Help please - Roon reads FLAC 192kHz 24 bits. On the DSJ display it reads PCM 176.4k 24

I’m new to streaming. I’m listening to Michael Jackson album Thriller on Qobuz through Roon to a DSJ. The format on Roon reads FLAC 192kHz 24 bits. On the DSJ display it reads PCM 176.4k 24 bits. It’s that normal? Also I’m going from the router to the DSJ with Ethernet cable. I’m a snow bird and it seems to me the sound quality is inferior in Ohio as opposed to Florida. Can a different router or internet provider make a difference in sound quality? Any help is appreciated. All the accessories are the same. I brought everything with me.

I’d double check what settings you have in Roon. Try having everything set to native. The Bridge can handle 192/24 so that shouldn’t be the problem.


The DSJ only presents the true bit rate and frequency it’s receiving. As a test, I just brought it up on my system and it says 174.6/24 bit but that’s what is labelled in Roon. Your router and Ethernet cable can affect the sound quality.

That’s interesting. Roon on my computer reads differently. Thanks for the fast replies. Now I can’t wait to get back to Florida to be sure it’s the router or service. I also thought just maybe my 22 year old Anthem MCA 2 is just losing its muster with the trip. ?? But I have some M700’s coming my way. We’ll see if that makes a difference. Thanks again. Your guys are great.

I’m sorry to keep bothering you guys but I can’t find the screen for native setup. I looked it up on Roon and when I go to where it tells me it’s not there? Is this correct…Audio-Device Info-Device setup? When I get there no DSD Playback Strategy is available.

I meant to type… Unavailable.

Make sure DSP is disabled in Roon.

And: can you share a screenshot of your Roon signal path? You get there by clicking / tapping on the glowing dot near the play controls.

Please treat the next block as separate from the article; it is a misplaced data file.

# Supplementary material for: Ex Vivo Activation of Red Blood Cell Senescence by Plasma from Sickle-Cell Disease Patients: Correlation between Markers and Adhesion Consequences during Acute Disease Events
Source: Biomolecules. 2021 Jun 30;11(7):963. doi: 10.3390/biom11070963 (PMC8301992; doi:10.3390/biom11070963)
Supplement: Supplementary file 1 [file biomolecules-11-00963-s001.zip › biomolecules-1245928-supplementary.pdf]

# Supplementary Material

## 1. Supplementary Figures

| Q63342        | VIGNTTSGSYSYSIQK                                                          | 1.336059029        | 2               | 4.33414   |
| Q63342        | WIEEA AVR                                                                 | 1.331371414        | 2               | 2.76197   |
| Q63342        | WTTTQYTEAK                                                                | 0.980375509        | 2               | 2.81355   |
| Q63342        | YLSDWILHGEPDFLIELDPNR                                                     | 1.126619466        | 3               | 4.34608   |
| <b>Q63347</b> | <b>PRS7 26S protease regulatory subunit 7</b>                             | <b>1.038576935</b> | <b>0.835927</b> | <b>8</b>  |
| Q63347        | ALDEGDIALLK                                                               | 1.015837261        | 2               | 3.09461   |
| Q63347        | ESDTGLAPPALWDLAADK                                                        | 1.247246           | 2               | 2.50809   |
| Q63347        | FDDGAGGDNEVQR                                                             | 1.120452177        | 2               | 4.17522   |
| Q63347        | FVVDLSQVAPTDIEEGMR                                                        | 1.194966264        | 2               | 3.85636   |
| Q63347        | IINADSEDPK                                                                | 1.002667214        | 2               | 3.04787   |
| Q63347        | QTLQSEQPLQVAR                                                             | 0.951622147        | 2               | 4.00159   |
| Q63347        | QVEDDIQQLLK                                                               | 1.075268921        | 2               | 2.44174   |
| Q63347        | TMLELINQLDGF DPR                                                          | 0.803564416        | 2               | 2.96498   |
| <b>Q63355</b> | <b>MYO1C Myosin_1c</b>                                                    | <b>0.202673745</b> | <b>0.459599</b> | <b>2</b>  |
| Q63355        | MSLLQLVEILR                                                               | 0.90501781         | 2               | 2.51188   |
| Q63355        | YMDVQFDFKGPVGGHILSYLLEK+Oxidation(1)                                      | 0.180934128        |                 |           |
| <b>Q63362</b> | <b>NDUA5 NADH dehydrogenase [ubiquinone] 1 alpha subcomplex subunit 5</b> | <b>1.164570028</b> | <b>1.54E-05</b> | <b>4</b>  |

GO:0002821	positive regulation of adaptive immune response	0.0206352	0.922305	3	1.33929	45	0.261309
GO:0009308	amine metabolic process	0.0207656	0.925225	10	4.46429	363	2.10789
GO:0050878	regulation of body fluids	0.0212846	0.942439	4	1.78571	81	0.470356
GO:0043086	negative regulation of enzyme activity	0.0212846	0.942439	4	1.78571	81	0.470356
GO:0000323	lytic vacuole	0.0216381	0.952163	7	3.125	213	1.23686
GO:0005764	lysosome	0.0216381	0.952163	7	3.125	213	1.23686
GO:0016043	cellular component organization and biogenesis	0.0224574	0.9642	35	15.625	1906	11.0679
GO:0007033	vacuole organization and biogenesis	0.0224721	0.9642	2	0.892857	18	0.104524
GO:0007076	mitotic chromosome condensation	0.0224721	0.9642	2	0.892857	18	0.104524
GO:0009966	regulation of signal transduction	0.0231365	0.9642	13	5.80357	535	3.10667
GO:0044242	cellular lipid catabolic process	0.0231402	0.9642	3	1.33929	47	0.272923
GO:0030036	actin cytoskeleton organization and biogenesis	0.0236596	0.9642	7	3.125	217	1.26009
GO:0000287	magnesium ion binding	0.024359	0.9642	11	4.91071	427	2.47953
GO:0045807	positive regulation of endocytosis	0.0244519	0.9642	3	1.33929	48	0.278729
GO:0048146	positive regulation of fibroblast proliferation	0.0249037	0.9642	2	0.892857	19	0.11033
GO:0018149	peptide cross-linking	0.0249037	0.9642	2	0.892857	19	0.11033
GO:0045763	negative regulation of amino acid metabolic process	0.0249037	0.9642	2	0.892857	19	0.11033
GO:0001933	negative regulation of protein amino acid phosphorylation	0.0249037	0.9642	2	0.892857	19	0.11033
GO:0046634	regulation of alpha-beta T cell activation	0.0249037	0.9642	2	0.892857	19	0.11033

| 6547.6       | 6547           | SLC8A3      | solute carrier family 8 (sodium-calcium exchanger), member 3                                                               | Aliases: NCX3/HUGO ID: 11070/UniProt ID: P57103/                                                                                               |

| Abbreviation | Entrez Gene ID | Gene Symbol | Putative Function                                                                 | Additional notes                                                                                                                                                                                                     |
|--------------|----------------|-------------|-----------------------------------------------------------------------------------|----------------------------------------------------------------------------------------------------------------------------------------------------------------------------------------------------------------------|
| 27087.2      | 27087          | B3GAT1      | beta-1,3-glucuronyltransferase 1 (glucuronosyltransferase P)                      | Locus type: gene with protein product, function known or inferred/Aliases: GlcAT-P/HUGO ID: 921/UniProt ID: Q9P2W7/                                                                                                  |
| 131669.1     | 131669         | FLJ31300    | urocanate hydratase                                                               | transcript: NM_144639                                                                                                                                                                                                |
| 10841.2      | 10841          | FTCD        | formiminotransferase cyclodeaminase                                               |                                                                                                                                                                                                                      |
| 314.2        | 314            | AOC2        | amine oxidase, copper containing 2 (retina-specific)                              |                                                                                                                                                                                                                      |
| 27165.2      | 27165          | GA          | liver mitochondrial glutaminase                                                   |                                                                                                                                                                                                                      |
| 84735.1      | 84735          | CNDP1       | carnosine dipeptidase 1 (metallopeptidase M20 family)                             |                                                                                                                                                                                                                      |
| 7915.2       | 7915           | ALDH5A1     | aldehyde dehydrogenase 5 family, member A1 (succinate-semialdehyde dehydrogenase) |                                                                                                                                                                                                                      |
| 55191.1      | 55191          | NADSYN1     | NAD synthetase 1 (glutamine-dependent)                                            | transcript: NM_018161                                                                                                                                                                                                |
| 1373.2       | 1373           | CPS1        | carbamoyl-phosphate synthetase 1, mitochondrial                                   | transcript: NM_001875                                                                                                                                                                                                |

Like this one:

Regarding the difference in sound quality: even if the gear is the same, the room for sure isn’t. And that probably makes 50% of the sound. Another (much smaller) effect might be difference in noise on the mains power.

Internet provider and router are the least likely reason for any difference.

I don’t see anything like what you’re showing me. Here is where I go on mine. Hopeful is DSJ.

In order to pull up the display that Philipp posted, there’s a little star next to the track and title at the bottom of the screen. Clicking on that should bring it up.

I’m playing this now. I don’t see this. What am I missing?

No problem.

Click on that glowing light on the left of the “back” control in the lower area:

This opens the “signal path”. Here all steps of the digital signal are shown and we can see if e.g. a component changes the signal, e.g. via upsampling:

If you manage to post a screenshot of your signal path we might find the answer to your original question.

DSP is the internal sound procession function of Roon (e.g. Equalizer, upsampling). You go there by clicking on the volume control on the right bottom:

Then select “DSP”:

And this leads you here:

To go back, click on the left arrow in the upper left corner:

Hope that helps.